**π‘ Problem Formulation:** This article aims at providing coders, from beginners to experts, with clear methods on utilizing the Python Turtle library to create various geometric shapes. For instance, if a user needs to draw a square with equal sides, the expected output is a polygon with four equal straight sides and four right angles.

## Method 1: Drawing a Square

Drawing a square using the Turtle library is a beginner-friendly task that involves moving the turtle forward and turning it right by 90 degrees four times. The `forward()`

function moves the turtle in its current heading, and the `right()`

function turns the turtle clockwise.

Here’s an example:

import turtle # Set up the screen wn = turtle.Screen() wn.bgcolor("lightgreen") # Create a turtle named alex alex = turtle.Turtle() # Drawing a square for _ in range(4): alex.forward(100) alex.right(90) # Finish up turtle.done()

The output is a green window displaying a square with sides of 100 pixels.

This snippet creates a window, initializes a turtle, and uses a loop to repeat the forward and right turn actions to draw a square. After completion, `turtle.done()`

is called to keep the window open.

## Method 2: Drawing a Circle

The Python Turtle library simplifies drawing circles by providing the `circle()`

function. This function takes a radius as an argument and draws a circle with the specified radius around the turtle’s current position.

Here’s an example:

import turtle t = turtle.Turtle() t.circle(50) turtle.done()

The output is a simple circle with a radius of 50 pixels.

In this example, the turtle draws a circle with a 50-pixel radius around its current position. Once the circle is complete, `turtle.done()`

prevents the window from closing immediately.

## Method 3: Drawing a Triangle

To draw an equilateral triangle, we can use the Turtle library functions `forward()`

and `left()`

. Turning the turtle left by 120 degrees at each corner ensures equal angles.

Here’s an example:

import turtle t = turtle.Turtle() # Drawing an equilateral triangle for _ in range(3): t.forward(100) t.left(120) turtle.done()

The output is a triangle with each side 100 pixels long and each angle 120 degrees.

This code sets up a turtle to draw a triangle by moving forward and taking left turns at 120-degree angles. Upon completing the shape, `turtle.done()`

is called.

## Method 4: Drawing a Star

The star shape can be drawn by alternating between forward motion and right turns of 144 degrees to get the perfect five-pointed star using the Turtle library.

Here’s an example:

import turtle star = turtle.Turtle() # Drawing a star for i in range(5): star.forward(100) star.right(144) turtle.done()

The output is a star with five points.

This code employs a simple loop to instruct the turtle to move forward and turn in a way that creates the star pattern. The `turtle.done()`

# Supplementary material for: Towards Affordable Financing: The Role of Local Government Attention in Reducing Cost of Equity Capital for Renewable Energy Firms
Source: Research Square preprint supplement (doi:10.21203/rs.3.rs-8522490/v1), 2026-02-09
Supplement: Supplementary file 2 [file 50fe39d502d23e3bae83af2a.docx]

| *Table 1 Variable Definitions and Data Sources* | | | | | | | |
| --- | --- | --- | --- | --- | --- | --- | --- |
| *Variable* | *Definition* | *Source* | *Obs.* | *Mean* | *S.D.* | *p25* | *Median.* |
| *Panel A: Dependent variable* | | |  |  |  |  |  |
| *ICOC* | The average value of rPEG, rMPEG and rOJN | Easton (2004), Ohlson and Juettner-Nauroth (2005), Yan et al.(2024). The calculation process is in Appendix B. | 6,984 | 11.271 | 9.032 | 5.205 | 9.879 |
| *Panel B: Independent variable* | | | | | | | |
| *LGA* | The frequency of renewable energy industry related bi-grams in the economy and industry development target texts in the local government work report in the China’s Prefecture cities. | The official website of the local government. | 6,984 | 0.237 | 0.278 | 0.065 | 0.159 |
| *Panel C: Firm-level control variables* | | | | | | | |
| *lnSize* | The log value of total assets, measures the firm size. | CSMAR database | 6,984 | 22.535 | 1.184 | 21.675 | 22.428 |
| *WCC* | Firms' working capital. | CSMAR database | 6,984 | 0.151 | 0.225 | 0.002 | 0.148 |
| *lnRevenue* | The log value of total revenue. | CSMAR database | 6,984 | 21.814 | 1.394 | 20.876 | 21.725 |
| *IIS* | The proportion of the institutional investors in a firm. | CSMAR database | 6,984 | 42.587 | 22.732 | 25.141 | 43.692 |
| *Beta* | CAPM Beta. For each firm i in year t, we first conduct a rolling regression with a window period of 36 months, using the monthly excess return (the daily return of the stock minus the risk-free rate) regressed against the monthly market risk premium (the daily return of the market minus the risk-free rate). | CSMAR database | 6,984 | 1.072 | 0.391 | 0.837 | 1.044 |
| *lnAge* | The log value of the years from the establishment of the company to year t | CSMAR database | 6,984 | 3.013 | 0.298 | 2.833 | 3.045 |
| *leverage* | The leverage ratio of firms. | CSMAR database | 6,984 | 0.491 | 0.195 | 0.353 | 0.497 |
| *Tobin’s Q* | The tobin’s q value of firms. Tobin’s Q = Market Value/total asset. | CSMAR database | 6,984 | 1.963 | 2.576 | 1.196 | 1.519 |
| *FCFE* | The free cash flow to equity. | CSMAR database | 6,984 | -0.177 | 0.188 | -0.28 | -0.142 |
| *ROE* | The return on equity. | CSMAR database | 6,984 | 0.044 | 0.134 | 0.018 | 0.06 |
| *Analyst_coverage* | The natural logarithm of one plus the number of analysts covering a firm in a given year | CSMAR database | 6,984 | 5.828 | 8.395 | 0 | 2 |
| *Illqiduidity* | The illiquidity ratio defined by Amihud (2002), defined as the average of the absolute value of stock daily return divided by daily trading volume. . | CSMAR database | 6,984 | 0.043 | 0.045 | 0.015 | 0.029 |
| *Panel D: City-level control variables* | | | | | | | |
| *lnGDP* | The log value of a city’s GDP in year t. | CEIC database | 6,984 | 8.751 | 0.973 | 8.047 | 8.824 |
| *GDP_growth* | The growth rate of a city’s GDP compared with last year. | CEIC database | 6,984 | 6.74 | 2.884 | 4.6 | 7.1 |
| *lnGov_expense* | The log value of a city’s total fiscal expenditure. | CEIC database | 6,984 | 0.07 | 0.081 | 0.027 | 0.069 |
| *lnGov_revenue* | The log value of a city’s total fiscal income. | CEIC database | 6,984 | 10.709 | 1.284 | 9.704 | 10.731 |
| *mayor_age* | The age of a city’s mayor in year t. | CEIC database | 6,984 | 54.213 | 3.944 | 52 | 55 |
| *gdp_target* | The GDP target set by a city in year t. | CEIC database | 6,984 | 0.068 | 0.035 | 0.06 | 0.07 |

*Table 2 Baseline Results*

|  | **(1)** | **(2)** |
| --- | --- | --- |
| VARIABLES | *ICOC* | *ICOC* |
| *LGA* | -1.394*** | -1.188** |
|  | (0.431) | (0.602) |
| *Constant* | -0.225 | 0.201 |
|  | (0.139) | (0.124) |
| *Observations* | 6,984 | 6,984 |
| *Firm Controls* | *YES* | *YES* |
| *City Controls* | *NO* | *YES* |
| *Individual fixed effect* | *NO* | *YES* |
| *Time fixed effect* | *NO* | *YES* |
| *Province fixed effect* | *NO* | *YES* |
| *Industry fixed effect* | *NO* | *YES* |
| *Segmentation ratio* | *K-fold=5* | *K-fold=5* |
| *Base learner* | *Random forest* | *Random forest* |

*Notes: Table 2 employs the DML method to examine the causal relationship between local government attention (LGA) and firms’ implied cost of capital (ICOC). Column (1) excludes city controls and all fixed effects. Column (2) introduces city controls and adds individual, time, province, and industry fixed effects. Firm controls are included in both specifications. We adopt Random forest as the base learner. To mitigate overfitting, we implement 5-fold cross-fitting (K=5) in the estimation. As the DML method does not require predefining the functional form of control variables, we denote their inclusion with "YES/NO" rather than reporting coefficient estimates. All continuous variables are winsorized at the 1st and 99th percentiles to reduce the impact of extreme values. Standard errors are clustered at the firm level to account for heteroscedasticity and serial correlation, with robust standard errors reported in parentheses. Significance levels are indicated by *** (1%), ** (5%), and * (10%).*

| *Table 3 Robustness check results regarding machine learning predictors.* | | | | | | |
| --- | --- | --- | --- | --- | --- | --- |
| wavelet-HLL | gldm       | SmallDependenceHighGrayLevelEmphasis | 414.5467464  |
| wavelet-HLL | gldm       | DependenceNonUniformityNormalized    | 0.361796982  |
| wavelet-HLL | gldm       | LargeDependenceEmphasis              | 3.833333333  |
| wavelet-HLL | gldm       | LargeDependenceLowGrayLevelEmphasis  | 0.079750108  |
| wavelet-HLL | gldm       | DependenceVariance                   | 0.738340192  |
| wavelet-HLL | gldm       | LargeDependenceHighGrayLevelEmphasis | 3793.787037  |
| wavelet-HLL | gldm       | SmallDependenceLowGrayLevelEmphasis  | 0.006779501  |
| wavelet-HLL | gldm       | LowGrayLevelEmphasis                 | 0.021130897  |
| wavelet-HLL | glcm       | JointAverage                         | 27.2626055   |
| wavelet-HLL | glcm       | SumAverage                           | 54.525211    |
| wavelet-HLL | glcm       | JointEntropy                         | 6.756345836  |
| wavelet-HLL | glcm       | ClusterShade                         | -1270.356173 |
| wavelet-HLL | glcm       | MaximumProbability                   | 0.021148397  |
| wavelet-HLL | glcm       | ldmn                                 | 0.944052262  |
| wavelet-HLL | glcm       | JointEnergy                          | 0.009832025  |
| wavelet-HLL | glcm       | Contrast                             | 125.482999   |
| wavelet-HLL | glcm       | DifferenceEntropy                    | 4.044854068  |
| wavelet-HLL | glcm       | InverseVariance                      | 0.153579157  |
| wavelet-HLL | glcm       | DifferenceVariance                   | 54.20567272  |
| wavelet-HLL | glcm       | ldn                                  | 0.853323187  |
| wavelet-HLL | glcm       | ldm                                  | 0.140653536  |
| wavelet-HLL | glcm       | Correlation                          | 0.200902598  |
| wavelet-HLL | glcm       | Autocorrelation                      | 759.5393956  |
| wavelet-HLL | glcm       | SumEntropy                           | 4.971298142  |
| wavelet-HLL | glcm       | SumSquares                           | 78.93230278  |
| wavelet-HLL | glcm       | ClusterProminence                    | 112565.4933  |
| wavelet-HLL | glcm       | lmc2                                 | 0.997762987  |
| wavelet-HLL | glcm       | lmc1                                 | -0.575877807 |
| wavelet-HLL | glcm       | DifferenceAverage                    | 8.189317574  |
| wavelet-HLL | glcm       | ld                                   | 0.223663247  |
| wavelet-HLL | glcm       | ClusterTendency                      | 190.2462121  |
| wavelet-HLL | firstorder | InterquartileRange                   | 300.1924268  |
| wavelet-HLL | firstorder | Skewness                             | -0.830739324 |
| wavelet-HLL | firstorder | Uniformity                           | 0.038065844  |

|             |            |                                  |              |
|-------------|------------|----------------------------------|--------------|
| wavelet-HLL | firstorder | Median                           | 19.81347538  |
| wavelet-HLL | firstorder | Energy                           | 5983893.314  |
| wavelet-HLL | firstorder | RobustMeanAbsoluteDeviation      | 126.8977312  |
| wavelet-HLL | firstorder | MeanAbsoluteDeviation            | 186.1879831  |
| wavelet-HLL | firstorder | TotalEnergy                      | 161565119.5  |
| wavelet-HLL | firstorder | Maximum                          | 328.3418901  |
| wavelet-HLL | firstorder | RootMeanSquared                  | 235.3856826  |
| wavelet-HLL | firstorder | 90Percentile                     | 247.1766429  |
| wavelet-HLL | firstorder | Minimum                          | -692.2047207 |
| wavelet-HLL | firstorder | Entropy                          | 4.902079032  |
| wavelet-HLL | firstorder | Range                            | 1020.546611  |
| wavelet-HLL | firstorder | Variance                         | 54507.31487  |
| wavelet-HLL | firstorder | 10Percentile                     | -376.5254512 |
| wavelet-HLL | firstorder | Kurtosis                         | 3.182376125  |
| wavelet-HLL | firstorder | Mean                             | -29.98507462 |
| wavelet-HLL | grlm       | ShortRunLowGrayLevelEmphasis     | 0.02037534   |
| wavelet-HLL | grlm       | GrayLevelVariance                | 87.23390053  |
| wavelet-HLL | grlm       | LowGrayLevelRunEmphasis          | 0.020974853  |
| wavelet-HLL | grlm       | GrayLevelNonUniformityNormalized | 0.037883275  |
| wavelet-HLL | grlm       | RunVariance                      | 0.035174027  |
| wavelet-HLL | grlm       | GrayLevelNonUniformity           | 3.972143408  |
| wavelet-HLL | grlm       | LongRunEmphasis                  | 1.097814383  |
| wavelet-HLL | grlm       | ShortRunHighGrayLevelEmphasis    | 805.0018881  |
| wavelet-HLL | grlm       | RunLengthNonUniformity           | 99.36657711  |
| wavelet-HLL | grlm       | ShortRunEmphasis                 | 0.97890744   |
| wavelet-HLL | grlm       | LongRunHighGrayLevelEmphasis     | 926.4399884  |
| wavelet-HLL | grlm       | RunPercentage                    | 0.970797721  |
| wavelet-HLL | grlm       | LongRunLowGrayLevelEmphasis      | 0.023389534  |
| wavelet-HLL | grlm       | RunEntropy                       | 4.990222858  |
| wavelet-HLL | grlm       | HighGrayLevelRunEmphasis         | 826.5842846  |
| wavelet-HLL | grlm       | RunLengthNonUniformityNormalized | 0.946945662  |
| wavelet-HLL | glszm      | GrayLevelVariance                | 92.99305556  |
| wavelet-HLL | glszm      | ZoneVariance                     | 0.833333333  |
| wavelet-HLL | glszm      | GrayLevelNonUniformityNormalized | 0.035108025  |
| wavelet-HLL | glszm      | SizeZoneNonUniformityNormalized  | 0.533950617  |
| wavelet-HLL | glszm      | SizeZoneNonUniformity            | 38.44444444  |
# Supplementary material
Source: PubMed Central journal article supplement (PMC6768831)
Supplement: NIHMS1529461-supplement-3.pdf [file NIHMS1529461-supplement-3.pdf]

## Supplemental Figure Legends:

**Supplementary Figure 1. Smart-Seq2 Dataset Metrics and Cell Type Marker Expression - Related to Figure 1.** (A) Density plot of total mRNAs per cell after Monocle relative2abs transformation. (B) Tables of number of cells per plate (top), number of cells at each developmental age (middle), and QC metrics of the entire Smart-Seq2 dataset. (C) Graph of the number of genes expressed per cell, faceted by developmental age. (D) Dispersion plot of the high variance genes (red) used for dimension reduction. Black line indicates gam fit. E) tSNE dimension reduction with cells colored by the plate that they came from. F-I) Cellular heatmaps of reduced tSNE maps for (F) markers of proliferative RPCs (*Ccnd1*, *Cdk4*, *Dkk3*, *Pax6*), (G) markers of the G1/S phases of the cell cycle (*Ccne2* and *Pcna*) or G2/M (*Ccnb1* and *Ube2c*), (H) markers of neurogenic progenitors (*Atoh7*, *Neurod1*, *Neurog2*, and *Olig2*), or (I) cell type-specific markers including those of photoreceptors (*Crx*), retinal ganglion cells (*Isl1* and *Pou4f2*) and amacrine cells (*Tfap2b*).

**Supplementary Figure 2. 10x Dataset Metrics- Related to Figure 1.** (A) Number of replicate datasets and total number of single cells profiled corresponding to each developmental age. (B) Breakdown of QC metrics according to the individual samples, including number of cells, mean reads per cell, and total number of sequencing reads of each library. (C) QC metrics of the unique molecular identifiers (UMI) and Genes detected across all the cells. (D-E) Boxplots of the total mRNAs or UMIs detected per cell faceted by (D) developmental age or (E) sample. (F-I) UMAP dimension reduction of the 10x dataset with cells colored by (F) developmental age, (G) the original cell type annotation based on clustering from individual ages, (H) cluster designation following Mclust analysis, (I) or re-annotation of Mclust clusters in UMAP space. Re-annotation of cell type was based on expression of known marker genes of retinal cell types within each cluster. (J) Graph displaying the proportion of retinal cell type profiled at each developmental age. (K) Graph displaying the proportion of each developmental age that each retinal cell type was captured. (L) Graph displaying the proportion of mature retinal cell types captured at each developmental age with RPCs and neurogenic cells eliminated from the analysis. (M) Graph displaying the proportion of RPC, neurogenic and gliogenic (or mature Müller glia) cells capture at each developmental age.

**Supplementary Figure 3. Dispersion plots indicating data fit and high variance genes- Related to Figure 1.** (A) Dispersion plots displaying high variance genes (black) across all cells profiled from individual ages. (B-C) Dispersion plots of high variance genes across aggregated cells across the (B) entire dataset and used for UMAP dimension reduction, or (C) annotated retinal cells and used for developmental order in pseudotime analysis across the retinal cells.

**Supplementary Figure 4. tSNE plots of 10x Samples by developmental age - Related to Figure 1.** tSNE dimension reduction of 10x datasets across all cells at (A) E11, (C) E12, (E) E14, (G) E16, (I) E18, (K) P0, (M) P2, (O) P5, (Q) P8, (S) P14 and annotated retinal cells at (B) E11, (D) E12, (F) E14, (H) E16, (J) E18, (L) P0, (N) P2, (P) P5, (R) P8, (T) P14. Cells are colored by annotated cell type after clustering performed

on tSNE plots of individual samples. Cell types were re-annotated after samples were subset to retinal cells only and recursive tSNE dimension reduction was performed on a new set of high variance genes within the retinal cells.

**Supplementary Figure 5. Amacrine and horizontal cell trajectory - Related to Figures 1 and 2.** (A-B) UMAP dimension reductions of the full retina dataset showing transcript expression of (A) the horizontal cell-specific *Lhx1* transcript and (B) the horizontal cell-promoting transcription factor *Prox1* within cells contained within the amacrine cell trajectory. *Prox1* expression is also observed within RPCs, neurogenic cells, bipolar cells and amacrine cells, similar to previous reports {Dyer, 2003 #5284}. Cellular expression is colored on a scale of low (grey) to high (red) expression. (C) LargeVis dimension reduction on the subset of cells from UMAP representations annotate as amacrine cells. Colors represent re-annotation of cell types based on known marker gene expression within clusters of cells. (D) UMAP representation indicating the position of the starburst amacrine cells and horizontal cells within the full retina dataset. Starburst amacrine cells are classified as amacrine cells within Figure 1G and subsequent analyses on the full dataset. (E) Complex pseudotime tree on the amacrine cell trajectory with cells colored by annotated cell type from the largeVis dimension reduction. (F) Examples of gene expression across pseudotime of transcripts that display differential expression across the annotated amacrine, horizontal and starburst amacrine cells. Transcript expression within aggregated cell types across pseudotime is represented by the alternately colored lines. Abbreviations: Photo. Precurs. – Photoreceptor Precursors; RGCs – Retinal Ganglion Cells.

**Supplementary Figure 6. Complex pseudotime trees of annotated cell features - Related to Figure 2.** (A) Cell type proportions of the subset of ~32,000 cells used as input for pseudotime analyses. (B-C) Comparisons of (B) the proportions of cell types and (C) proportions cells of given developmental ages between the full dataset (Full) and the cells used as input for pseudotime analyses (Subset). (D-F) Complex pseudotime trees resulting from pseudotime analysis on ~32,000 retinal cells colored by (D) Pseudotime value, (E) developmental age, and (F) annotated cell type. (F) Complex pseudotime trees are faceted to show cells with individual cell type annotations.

command displays the result.

## Bonus One-Liner Method 5: Drawing Complex Shapes in a Single Command

The Turtle library allows for the creation of complex shapes with a single directive by using a combination of the `dot()`

and `goto()`

methods to plot points directly.

Here’s an example:

import turtle t = turtle.Turtle() [ t.goto(x, y) or t.dot() for x in range(-100, 100, 20) for y in range(-100, 100, 20) ] turtle.done()

The output is a grid of dots, each separated by 20 pixels both horizontally and vertically.

By using a list comprehension, this one-liner sends the turtle to various coordinates to plot dots, creating a set of points that form a grid pattern.

## Summary/Discussion

**Method 1:**Drawing a Square. Strengths: Simple and perfect for beginners. Weaknesses: Limited to squares.**Method 2:**Drawing a Circle. Strengths: Handy for perfect circles. Weaknesses: Cannot be used for ellipses or other ovals.**Method 3:**Drawing a Triangle. Strengths: Easy introduction to angles and turns. Weaknesses: Specifically for equilateral triangles.**Method 4:**Drawing a Star. Strengths: Creates complex shapes with simple repetitions. Weaknesses: Adjusting the angle is necessary for different star types.**Method 5:**Drawing Complex Shapes. Strengths: Allows for creativity and complexity in designs. Weaknesses: May require advanced understanding of loops and coordinates.

Emily Rosemary Collins is a tech enthusiast with a strong background in computer science, always staying up-to-date with the latest trends and innovations. Apart from her love for technology, Emily enjoys exploring the great outdoors, participating in local community events, and dedicating her free time to painting and photography. Her interests and passion for personal growth make her an engaging conversationalist and a reliable source of knowledge in the ever-evolving world of technology.